Supreme Court Rules That LGBT Americans Are Protected From Discrimination

A group of Houstonians celebrated LGBT pride during 2019's annual Pride festivities.
A group of Houstonians celebrated LGBT pride during 2019's annual Pride festivities.
Photo by Doogie Roux
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On Monday morning, the scales of justice tipped one step closer toward equality for LGBT Americans when the U.S. Supreme Court ruled that the same federal Civil Rights Act prohibiting discrimination based on sex also applies to sexual orientation and gender identity.

In a 6-3 vote, conservative Justice Neil M. Gorsuch, a Trump appointee, and fellow conservative and Chief Justice John G. Roberts Jr. joined the more liberal members of the court in finding that  language forbidding workplace discrimination based on sex contained within Title VII of the Civil Rights Act of 1964 extended to these other situations.

The ruling represents a huge victory for the LGBT community and its advocates in a case with special meaning for Texas, one of 27 states that has had no statewide protections in place for lesbian, gay, bisexual and transgender people.

The court’s ruling comes in the midst of Pride Month, and five years after the landmark Obergefell v. Hodges decision that legalized same-sex marriage in America. The Williams Institute at the UCLA School of Law estimates that 11.3 million Americans, including 1.2 million Texans, identify as gay, lesbian, bisexual or transgender.

Brian Riedel, an openly gay Rice University professor who studies LGBT social movements within the school’s Center for the Study of Women, Gender, and Sexuality, was deeply moved upon hearing the news from the nation’s highest court.

“I wept for joy,” Riedel said.

Harris County District Attorney Kim Ogg took to Twitter to express her excitement. In a message accompanying a photo of Ogg with her life partner, fellow attorney Olivia Jordan, and their son, Ogg wrote that their family “celebrates the decision by our nation’s highest court and true equality under the law.”

LGBT Houstonians have plenty of reason to celebrate what this ruling entails, especially given the stinging defeat of the proposed HERO anti-discrimination ordinance in the 2015 city election, which came after a fear-mongering opposition campaign that attempted to shock local voters with fantastical, offensive talking points that likened law-abiding transgender residents to sexual predators for their wish to use the public restroom that corresponds with their innate gender identity.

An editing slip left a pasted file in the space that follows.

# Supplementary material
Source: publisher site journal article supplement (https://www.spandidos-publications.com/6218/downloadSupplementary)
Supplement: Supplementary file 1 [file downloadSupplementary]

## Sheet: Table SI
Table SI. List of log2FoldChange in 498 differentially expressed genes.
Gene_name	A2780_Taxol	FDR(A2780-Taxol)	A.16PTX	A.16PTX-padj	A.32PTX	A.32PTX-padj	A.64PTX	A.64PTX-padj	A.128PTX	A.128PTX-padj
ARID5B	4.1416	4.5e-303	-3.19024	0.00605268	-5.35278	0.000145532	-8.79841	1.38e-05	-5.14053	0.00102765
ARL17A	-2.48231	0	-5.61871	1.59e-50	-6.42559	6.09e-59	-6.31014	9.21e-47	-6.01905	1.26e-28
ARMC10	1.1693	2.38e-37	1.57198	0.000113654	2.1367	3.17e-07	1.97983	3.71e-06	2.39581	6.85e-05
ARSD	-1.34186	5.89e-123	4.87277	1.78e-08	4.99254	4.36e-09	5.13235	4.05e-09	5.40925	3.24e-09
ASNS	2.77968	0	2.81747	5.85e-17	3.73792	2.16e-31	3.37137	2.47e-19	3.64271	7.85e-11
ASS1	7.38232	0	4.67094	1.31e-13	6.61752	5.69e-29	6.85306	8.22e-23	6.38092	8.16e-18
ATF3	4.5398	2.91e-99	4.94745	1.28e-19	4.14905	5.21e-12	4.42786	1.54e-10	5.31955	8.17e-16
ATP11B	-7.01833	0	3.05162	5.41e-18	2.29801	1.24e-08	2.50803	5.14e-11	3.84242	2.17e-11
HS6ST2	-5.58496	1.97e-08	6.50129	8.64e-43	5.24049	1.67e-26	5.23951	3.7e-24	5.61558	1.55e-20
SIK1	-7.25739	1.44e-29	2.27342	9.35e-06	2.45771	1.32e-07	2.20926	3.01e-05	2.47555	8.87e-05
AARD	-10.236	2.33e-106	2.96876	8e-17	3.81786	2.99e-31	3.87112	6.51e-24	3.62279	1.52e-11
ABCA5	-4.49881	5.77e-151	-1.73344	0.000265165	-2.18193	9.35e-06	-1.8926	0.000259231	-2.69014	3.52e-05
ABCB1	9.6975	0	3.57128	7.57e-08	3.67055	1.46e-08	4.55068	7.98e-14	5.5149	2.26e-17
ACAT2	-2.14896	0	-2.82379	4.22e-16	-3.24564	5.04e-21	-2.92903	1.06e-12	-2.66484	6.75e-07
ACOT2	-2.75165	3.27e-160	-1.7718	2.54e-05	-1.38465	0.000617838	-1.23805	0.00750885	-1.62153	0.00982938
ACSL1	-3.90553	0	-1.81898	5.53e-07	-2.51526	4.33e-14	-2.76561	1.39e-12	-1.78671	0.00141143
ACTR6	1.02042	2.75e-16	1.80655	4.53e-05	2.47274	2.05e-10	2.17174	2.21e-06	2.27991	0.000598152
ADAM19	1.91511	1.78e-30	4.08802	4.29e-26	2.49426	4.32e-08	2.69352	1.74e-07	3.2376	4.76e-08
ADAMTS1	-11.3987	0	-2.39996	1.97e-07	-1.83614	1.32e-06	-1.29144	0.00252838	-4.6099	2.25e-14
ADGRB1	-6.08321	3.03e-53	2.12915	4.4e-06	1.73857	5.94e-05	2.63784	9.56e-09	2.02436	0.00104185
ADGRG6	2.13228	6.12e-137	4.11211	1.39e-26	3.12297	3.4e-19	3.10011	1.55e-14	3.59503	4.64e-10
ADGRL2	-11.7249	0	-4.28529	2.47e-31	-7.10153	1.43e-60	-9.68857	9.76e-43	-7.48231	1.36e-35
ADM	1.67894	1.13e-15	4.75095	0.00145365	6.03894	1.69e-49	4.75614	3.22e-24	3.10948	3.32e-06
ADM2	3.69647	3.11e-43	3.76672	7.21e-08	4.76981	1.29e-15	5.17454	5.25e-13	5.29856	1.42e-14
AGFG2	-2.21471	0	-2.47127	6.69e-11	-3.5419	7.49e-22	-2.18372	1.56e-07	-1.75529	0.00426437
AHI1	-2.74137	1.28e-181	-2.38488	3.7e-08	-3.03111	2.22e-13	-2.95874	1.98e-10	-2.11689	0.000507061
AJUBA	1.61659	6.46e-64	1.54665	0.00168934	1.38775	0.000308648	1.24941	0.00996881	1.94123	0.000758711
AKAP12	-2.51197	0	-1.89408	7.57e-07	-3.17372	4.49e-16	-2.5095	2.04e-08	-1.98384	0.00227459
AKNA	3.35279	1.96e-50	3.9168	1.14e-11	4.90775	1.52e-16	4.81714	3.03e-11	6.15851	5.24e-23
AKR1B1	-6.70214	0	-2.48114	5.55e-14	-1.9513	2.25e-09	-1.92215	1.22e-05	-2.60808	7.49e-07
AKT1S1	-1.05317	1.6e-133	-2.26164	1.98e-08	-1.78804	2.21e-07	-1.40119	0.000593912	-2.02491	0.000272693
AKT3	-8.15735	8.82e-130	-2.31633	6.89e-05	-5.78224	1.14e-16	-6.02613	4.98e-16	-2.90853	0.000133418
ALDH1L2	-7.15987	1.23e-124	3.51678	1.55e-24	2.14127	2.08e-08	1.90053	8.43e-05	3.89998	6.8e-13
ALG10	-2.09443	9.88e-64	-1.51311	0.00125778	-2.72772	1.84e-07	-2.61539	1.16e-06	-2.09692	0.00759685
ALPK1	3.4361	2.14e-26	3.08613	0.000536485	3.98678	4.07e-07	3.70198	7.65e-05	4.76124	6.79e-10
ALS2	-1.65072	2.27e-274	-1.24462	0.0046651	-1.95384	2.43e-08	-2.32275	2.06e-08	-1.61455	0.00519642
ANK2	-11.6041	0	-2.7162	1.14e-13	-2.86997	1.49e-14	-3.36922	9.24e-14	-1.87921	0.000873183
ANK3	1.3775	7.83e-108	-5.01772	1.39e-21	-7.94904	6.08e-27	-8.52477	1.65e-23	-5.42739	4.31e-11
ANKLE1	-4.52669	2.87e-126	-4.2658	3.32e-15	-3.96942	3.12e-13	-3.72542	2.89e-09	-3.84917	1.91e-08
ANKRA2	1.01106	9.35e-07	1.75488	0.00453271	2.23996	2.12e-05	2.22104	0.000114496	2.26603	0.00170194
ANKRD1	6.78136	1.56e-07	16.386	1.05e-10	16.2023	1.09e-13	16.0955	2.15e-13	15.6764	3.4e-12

The majority decision, authored by Gorsuch, explains how the issue of an individual’s biological sex is relevant to any decision made based on that person’s transgender identity or sexual orientation: “An employer who fires an individual for being homosexual or transgender,” Gorsuch wrote, “fires that person for traits or actions it would not have questioned in members of a different sex.”

Gorsuch was joined in the majority by Roberts and justices Ruth Bader Ginsburg, Sonia Sotomayor, Elena Kagan and Stephen Breyer, while justices Brett Kavanaugh, Clarence Thomas and Samuel Alito dissented.

Monday’s ruling was based on three bundled cases. Donald Zarda said he was fired after identifying himself as gay. Similarly, Gerald Bostock of Clayton County, Ga., was fired from his job after joining a gay softball league. Aimee Stephens, a transgender woman in Michigan was fired from her job as a funeral director after informing her boss and coworkers that she planned to “become the person that my mind already is” by dressing as a woman in public when she’d previously presented as male to her colleagues.

Rice’s Brian Riedel said he wants to be optimistic that the Supreme Court’s action will result in more equitable treatment of LGBT Texans and Houstonians by their employers, but he acknowledged that “we cannot say that the decision today will immediately translate into equal protection for all.”

“What we have here is not a universal order that will be obeyed by all employers, saying ‘Thou shall not do this.’ What we have is a tool for people to defend themselves with when it happens,” he said.

“It gives me hope that progress that creates equality and the conditions of possibility for all to succeed can happen," Riedel continued, “but it is never a one time thing. It requires tending. It requires defending. And it requires education.”

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